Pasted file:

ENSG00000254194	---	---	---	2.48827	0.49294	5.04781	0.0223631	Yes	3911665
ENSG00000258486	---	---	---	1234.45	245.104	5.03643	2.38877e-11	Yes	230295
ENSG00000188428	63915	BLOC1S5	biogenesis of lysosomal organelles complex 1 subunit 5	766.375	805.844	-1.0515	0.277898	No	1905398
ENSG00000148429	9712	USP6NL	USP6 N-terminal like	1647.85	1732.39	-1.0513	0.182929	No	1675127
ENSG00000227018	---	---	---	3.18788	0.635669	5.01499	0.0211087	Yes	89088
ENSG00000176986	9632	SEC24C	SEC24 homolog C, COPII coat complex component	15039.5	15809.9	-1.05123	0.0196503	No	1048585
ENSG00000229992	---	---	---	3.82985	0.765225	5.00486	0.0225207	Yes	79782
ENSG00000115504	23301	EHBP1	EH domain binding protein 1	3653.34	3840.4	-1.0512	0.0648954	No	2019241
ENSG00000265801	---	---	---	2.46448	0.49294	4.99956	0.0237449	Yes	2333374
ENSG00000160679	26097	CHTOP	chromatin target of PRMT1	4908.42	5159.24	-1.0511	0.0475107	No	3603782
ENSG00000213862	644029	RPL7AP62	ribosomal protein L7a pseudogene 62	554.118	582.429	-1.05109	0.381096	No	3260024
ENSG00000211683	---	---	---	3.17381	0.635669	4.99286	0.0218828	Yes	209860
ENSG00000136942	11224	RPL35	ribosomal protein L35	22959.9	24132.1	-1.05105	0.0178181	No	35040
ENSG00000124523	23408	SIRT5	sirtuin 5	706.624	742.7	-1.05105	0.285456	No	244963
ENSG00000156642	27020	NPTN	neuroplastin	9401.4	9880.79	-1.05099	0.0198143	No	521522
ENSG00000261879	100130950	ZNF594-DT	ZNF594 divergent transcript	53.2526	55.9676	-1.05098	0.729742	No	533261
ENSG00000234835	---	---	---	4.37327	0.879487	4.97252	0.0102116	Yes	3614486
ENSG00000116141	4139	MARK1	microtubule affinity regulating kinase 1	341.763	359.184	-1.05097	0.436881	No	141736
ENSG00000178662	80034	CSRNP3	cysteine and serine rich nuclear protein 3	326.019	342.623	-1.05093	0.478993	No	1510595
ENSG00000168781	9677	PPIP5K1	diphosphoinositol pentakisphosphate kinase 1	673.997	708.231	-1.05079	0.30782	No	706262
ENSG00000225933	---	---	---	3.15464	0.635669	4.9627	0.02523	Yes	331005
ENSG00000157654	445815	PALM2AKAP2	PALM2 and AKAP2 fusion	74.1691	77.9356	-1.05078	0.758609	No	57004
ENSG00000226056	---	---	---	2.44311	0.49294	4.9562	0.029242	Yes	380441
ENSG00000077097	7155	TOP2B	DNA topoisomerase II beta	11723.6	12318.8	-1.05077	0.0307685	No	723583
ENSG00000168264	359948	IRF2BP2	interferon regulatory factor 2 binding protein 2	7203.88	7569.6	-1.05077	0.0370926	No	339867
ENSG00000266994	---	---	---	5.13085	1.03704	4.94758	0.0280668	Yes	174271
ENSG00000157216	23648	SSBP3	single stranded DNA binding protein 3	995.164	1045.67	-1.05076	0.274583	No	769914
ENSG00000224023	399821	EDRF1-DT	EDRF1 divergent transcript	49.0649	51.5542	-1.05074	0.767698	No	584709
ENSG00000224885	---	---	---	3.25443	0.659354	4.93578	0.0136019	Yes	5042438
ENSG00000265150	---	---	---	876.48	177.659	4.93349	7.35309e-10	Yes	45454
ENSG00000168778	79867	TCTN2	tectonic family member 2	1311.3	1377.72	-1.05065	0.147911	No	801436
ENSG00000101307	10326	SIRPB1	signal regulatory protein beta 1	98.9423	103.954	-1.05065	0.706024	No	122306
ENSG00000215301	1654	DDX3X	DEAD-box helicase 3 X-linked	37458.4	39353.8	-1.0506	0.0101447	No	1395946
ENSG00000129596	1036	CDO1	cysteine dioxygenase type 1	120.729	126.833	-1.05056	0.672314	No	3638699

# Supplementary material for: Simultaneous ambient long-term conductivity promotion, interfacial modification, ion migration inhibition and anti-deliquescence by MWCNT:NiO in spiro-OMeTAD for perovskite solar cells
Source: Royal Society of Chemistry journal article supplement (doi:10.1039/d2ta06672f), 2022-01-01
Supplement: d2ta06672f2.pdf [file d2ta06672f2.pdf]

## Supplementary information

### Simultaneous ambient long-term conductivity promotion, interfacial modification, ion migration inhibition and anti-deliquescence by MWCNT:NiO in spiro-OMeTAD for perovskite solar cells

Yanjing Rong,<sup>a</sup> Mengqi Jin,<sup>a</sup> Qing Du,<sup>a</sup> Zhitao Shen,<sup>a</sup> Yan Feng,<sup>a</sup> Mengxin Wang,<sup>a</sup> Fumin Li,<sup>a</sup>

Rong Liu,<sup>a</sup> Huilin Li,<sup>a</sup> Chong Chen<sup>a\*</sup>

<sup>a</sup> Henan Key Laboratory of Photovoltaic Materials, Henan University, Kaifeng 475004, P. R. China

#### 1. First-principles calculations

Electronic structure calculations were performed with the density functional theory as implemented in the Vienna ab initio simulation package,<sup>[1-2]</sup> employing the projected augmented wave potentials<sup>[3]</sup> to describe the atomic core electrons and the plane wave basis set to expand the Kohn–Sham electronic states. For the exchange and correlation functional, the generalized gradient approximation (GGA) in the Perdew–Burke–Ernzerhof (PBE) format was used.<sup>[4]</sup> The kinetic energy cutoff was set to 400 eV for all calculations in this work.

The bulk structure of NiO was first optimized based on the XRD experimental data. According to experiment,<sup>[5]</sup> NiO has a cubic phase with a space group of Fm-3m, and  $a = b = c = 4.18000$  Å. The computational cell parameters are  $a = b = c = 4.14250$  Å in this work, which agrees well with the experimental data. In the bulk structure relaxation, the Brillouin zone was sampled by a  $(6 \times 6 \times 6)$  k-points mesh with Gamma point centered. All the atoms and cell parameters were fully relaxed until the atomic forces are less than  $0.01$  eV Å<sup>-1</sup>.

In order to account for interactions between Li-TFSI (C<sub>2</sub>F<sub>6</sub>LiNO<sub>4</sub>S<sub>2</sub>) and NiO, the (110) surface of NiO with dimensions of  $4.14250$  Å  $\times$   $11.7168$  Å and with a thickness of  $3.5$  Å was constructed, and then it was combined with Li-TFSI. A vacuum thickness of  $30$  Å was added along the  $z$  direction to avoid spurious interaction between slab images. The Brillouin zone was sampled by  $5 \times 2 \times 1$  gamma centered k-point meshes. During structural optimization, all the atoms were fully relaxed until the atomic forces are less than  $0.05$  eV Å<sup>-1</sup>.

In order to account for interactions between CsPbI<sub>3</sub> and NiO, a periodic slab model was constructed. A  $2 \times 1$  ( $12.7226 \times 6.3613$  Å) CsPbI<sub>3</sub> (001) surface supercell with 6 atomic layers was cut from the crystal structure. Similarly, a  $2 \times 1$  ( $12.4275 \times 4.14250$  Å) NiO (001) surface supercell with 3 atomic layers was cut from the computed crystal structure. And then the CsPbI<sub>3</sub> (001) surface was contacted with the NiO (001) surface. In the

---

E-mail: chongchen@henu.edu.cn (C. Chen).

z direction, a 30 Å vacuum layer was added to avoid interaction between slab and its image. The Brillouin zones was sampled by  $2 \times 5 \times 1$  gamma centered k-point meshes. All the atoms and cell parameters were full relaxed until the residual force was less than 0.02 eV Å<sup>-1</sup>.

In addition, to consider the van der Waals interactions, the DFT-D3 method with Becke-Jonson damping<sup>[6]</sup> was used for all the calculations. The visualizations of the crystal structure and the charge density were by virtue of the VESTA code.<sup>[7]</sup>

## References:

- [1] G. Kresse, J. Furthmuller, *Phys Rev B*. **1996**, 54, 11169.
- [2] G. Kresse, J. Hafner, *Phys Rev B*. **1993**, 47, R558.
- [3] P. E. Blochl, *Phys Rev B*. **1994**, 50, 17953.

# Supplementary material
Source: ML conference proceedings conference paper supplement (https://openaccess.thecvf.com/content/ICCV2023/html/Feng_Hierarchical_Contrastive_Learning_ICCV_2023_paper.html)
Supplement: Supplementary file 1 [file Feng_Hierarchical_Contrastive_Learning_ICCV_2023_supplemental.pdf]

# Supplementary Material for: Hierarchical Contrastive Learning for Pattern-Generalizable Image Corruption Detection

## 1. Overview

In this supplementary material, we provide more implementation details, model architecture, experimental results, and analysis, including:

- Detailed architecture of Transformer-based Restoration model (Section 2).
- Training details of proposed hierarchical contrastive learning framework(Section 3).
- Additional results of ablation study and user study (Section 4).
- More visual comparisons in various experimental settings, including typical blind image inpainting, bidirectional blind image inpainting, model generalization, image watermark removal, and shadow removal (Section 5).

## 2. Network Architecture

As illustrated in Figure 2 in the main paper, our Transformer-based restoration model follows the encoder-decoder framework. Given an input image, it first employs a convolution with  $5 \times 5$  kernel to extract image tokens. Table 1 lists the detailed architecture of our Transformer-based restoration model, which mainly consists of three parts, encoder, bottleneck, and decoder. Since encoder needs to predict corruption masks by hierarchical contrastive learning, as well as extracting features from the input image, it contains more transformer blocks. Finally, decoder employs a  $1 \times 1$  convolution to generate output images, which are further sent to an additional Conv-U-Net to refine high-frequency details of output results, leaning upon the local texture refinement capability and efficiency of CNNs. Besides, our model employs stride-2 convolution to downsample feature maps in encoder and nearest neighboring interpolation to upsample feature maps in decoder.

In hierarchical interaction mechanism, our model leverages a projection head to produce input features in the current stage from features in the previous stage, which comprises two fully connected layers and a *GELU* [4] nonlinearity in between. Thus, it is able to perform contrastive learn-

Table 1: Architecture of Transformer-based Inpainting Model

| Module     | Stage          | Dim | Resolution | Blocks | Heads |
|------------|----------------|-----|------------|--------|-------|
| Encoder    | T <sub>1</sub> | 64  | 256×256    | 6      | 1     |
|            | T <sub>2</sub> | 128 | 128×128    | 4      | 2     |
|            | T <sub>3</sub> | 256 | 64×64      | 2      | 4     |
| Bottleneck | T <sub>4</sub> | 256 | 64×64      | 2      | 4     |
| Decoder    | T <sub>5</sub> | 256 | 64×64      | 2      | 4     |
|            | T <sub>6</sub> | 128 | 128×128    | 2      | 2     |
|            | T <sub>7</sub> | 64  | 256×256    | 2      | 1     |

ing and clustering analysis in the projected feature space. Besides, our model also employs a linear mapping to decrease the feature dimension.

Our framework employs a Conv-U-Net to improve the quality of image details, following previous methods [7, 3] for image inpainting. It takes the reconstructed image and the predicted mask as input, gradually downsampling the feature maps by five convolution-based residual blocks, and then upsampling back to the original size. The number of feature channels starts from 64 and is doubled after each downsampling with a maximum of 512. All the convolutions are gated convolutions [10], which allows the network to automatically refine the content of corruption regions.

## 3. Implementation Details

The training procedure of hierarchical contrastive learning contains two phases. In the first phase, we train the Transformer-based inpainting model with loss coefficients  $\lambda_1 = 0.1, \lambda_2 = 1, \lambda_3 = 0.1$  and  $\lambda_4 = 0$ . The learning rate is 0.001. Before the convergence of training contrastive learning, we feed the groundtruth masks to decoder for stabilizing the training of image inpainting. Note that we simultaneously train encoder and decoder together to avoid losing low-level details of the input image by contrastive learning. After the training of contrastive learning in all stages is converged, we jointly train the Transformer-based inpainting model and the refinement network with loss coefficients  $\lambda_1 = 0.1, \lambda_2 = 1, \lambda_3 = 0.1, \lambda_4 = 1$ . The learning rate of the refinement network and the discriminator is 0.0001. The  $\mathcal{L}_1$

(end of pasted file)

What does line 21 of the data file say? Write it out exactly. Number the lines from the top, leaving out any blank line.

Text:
ENSG00000225933	---	---	---	3.15464	0.635669	4.9627	0.02523	Yes	331005